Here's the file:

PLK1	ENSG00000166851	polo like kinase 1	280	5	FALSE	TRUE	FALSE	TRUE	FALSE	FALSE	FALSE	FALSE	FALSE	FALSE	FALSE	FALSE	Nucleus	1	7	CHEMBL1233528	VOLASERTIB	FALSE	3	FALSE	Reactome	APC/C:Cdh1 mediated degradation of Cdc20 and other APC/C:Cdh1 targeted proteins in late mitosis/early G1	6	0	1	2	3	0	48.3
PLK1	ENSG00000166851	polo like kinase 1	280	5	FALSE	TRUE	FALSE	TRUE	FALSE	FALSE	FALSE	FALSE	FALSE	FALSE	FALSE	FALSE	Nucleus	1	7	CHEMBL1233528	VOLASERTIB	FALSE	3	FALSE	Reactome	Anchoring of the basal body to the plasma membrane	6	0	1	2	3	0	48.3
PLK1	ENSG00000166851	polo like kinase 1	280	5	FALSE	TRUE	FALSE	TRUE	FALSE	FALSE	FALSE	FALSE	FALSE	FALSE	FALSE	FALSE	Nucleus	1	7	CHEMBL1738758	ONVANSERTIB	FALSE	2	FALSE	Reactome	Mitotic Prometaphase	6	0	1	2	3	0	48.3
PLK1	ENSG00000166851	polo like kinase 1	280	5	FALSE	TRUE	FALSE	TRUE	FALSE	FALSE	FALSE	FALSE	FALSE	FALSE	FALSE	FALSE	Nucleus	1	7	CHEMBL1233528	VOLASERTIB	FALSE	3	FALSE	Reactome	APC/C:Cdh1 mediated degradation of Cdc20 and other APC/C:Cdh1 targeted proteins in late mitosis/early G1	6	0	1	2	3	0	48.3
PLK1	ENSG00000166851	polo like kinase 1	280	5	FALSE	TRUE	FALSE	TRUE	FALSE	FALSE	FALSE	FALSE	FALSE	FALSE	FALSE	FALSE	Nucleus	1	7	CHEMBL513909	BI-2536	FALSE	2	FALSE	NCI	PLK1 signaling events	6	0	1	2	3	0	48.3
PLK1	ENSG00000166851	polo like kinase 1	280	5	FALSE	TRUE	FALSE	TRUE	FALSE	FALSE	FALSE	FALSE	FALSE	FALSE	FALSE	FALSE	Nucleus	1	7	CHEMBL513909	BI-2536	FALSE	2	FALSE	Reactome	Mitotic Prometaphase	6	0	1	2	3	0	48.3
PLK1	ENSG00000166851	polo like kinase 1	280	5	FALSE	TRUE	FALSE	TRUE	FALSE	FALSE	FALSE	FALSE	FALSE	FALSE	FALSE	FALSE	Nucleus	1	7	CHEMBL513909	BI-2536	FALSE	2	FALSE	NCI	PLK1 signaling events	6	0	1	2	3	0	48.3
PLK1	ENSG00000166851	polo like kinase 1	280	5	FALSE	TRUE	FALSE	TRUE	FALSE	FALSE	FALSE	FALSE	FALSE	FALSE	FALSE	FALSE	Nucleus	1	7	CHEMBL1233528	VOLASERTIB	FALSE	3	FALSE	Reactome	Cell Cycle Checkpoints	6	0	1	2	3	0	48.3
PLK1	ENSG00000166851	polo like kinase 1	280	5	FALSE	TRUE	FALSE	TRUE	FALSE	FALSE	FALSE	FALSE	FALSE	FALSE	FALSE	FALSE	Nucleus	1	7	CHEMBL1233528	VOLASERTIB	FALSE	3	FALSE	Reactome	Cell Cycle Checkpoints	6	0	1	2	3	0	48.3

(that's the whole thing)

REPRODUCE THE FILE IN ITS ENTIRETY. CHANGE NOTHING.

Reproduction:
PLK1	ENSG00000166851	polo like kinase 1	280	5	FALSE	TRUE	FALSE	TRUE	FALSE	FALSE	FALSE	FALSE	FALSE	FALSE	FALSE	FALSE	Nucleus	1	7	CHEMBL1233528	VOLASERTIB	FALSE	3	FALSE	Reactome	APC/C:Cdh1 mediated degradation of Cdc20 and other APC/C:Cdh1 targeted proteins in late mitosis/early G1	6	0	1	2	3	0	48.3
PLK1	ENSG00000166851	polo like kinase 1	280	5	FALSE	TRUE	FALSE	TRUE	FALSE	FALSE	FALSE	FALSE	FALSE	FALSE	FALSE	FALSE	Nucleus	1	7	CHEMBL1233528	VOLASERTIB	FALSE	3	FALSE	Reactome	Anchoring of the basal body to the plasma membrane	6	0	1	2	3	0	48.3
PLK1	ENSG00000166851	polo like kinase 1	280	5	FALSE	TRUE	FALSE	TRUE	FALSE	FALSE	FALSE	FALSE	FALSE	FALSE	FALSE	FALSE	Nucleus	1	7	CHEMBL1738758	ONVANSERTIB	FALSE	2	FALSE	Reactome	Mitotic Prometaphase	6	0	1	2	3	0	48.3
PLK1	ENSG00000166851	polo like kinase 1	280	5	FALSE	TRUE	FALSE	TRUE	FALSE	FALSE	FALSE	FALSE	FALSE	FALSE	FALSE	FALSE	Nucleus	1	7	CHEMBL1233528	VOLASERTIB	FALSE	3	FALSE	Reactome	APC/C:Cdh1 mediated degradation of Cdc20 and other APC/C:Cdh1 targeted proteins in late mitosis/early G1	6	0	1	2	3	0	48.3
PLK1	ENSG00000166851	polo like kinase 1	280	5	FALSE	TRUE	FALSE	TRUE	FALSE	FALSE	FALSE	FALSE	FALSE	FALSE	FALSE	FALSE	Nucleus	1	7	CHEMBL513909	BI-2536	FALSE	2	FALSE	NCI	PLK1 signaling events	6	0	1	2	3	0	48.3
PLK1	ENSG00000166851	polo like kinase 1	280	5	FALSE	TRUE	FALSE	TRUE	FALSE	FALSE	FALSE	FALSE	FALSE	FALSE	FALSE	FALSE	Nucleus	1	7	CHEMBL513909	BI-2536	FALSE	2	FALSE	Reactome	Mitotic Prometaphase	6	0	1	2	3	0	48.3
PLK1	ENSG00000166851	polo like kinase 1	280	5	FALSE	TRUE	FALSE	TRUE	FALSE	FALSE	FALSE	FALSE	FALSE	FALSE	FALSE	FALSE	Nucleus	1	7	CHEMBL513909	BI-2536	FALSE	2	FALSE	NCI	PLK1 signaling events	6	0	1	2	3	0	48.3
PLK1	ENSG00000166851	polo like kinase 1	280	5	FALSE	TRUE	FALSE	TRUE	FALSE	FALSE	FALSE	FALSE	FALSE	FALSE	FALSE	FALSE	Nucleus	1	7	CHEMBL1233528	VOLASERTIB	FALSE	3	FALSE	Reactome	Cell Cycle Checkpoints	6	0	1	2	3	0	48.3
PLK1	ENSG00000166851	polo like kinase 1	280	5	FALSE	TRUE	FALSE	TRUE	FALSE	FALSE	FALSE	FALSE	FALSE	FALSE	FALSE	FALSE	Nucleus	1	7	CHEMBL1233528	VOLASERTIB	FALSE	3	FALSE	Reactome	Cell Cycle Checkpoints	6	0	1	2	3	0	48.3